Learning About Medicinal Trees

Anne Stobart
Wednesday, 6th March 2019

Anne Stobart, a medicinal herbalist, started Holt Wood Herbs to teach people that our herbs don't need to be imported. She has several courses available for learning about growing and harvesting medicinal herbs in a forest garden.

In Devon an innovative project is exploring ways to sustainably cultivate and harvest medicinal trees and shrubs. Anne Stobart is a consultant medical herbalist who has always wanted to grow more of the plants used in her practice. One of her aims is to show that many herbs do not have to be imported from other countries as they can be grown in the UK. Holt Wood Herbs is the resulting project started by Anne and her partner some 15 years ago. This year they are offering courses to pass on some of their experience in designing with and using medicinal trees and shrubs. They have found that using a tree coppice approach can produce a bonanza of medicinal supplies! 

Coppice and pollard techniques

In a forthcoming article in Permaculture Magazine, Anne describes how they have been experimenting with coppice and pollard techniques at Holt Wood Herbs to produce medicinal tree supplies. Coppicing is very productive since many trees readily resprout when cut back to ground level. Pollarding too is an ancient practice which involves cutting back at higher levels of a tree - it has been used for centuries to produce woody items, from tree hay to clogs.

Traditionally, tree coppice has been based on a variety of species from alder and ash to hazel and holly. In Devon, at Holt Wood Herbs, these approaches are being used in a new way with medicinal woody plants. Anne is finding that there is an abundant supply of material including medicinal bark, fruit and leaves. For example, Guelder rose or cramp bark (Viburnum opulus) can be readily coppiced and the bark is harvested for an antispasmodic remedy ideal for many complaints including period pains. Another example is the bark of wild cherry (Prunus avium) which is harvested for a traditional dry cough syrup. Other medicinal tree species include buckthorn (Frangula alnus), elder (Sambucus nigra) and willow (Salix daphnoides).

Transformation from a conifer plantation

Holt Wood is also interesting as a project which shows how a redundant conifer plantation can be transformed into a forest garden using permaculture design principles. The site is just over two acres in size and slopes down towards the River Torridge, offering a number of different planting environments from poor soil to soggy bottom. It was established in 2005, with planting over 1000 trees in sections designed to provide many edges as well as opportunities to coppice trees and shrubs. In addition to foods and fuel, a wide range of plants are grown and harvested for use in herbal remedies and body care products. The use of coppicing and pollarding is beneficial in other ways, as it offers advantages from prolonging the life of trees to enabling a diversity of ground level vegetation and wildlife.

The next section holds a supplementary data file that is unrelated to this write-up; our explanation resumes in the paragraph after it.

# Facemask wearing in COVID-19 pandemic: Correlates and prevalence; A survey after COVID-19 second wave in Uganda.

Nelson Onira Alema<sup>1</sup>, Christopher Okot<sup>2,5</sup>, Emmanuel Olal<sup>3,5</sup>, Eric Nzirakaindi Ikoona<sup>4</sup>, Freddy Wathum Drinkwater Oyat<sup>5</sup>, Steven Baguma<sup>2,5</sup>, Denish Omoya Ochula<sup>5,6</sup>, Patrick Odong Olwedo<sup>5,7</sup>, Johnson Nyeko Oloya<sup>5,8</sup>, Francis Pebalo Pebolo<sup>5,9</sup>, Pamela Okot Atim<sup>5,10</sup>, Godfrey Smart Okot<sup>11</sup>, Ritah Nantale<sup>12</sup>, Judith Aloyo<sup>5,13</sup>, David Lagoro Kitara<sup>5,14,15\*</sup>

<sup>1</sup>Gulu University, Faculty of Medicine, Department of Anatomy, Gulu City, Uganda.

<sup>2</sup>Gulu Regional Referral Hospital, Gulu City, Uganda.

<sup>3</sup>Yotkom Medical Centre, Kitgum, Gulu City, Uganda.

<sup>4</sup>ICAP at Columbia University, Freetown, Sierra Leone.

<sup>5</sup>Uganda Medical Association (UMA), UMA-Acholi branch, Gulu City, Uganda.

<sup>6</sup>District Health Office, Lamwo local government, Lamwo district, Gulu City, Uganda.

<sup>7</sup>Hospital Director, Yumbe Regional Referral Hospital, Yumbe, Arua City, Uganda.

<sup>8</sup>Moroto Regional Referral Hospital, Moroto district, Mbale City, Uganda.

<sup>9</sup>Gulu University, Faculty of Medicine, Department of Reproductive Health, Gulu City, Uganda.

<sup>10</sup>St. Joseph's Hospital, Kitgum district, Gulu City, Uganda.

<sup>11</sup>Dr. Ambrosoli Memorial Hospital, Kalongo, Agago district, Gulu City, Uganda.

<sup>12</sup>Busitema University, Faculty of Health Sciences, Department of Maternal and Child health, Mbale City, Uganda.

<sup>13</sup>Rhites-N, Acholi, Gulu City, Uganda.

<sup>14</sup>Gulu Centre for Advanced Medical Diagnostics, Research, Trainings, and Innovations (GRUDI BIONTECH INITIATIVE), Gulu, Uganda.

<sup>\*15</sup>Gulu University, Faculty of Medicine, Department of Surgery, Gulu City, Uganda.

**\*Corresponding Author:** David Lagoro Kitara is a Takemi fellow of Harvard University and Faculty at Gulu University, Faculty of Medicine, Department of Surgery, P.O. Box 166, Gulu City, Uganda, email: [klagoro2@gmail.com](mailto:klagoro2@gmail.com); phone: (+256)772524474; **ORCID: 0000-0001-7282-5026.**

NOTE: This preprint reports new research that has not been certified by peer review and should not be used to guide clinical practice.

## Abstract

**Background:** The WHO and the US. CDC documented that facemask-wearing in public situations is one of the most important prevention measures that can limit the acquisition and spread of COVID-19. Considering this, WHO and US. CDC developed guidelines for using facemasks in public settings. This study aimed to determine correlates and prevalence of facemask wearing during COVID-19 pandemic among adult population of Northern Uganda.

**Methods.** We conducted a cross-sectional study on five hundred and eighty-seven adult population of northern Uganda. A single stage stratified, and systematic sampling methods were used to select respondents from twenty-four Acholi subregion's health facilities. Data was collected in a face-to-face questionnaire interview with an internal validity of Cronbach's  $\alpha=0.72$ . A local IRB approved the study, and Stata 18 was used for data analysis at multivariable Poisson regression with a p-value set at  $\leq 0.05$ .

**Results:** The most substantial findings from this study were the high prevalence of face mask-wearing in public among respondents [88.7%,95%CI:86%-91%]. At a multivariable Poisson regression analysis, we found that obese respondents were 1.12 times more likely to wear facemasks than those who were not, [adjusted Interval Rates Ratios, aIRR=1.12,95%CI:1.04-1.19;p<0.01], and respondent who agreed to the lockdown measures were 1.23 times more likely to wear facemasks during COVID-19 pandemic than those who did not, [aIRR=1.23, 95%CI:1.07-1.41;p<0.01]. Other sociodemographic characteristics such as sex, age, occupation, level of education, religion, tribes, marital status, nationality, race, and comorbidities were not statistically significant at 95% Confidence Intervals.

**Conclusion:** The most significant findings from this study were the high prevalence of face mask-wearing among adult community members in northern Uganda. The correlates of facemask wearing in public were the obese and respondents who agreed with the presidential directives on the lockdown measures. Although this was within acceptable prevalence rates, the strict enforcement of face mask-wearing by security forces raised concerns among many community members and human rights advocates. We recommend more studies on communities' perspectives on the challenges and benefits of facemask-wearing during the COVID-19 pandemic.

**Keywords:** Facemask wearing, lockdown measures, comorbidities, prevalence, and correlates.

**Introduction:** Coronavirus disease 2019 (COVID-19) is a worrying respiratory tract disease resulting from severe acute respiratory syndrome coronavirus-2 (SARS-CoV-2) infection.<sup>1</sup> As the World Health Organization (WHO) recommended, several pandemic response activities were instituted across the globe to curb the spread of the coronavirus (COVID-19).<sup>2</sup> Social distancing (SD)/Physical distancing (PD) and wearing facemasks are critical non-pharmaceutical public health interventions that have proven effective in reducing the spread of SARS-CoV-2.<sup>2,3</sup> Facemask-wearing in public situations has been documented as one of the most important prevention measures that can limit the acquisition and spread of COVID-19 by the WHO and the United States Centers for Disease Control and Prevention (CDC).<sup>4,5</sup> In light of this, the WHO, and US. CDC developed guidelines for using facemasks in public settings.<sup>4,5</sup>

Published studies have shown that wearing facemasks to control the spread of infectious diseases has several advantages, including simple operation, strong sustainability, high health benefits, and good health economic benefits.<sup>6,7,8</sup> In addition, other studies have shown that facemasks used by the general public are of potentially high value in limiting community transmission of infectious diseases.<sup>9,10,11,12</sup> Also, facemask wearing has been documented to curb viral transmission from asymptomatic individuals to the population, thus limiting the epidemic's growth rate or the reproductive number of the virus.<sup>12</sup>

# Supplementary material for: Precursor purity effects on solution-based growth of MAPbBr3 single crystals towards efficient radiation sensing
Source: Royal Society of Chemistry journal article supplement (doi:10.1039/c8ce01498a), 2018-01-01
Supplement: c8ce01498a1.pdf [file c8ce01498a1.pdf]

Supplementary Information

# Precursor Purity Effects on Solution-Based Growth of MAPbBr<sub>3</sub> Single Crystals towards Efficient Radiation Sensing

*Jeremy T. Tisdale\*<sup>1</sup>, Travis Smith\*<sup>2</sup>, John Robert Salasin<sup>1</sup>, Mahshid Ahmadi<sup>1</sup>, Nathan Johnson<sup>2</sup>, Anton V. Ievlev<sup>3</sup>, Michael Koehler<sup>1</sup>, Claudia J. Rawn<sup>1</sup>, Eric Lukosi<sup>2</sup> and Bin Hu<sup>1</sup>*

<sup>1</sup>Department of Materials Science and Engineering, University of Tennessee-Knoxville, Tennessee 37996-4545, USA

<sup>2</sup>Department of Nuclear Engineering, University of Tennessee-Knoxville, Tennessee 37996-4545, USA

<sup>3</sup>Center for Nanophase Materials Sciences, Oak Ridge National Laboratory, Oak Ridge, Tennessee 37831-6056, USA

Book on the medicinal forest garden

Anne is currently writing a book on establishing a medicinal forest garden which will incorporate much of the experience gained at Holt Wood Herbs. She is keen to promote the possibilities of growing more medicinal trees and shrubs, and to show how they can be included in a wide range of planting projects.

Holt Wood Courses

Holt Wood Herbs are offering courses in design and harvest in the medicinal forest garden in May and June 2019. Each course is based on a small group so that detailed practical advice is possible, cost including refreshments is £68. Full details and online booking are at www.holtwoodherbs.com/product-category/courses 

Designing the Medicinal Forest Garden: Thur 23 May 2019 or Fri 14 June. Discover the uses of medicinal trees and shrubs and how you can grow them in small or large gardens.

Harvesting from a Medicinal Forest Garden: Thur 30 May 2019 or Sat 15 June 2019. Learn about harvesting and preparing herbal remedies from medicinal trees and shrubs.

Useful Links

The off-grid medicinal herb farm

Medicinal herbs: an antidote to modern medicine

How to design and build a forest garden: part 1 - surveying

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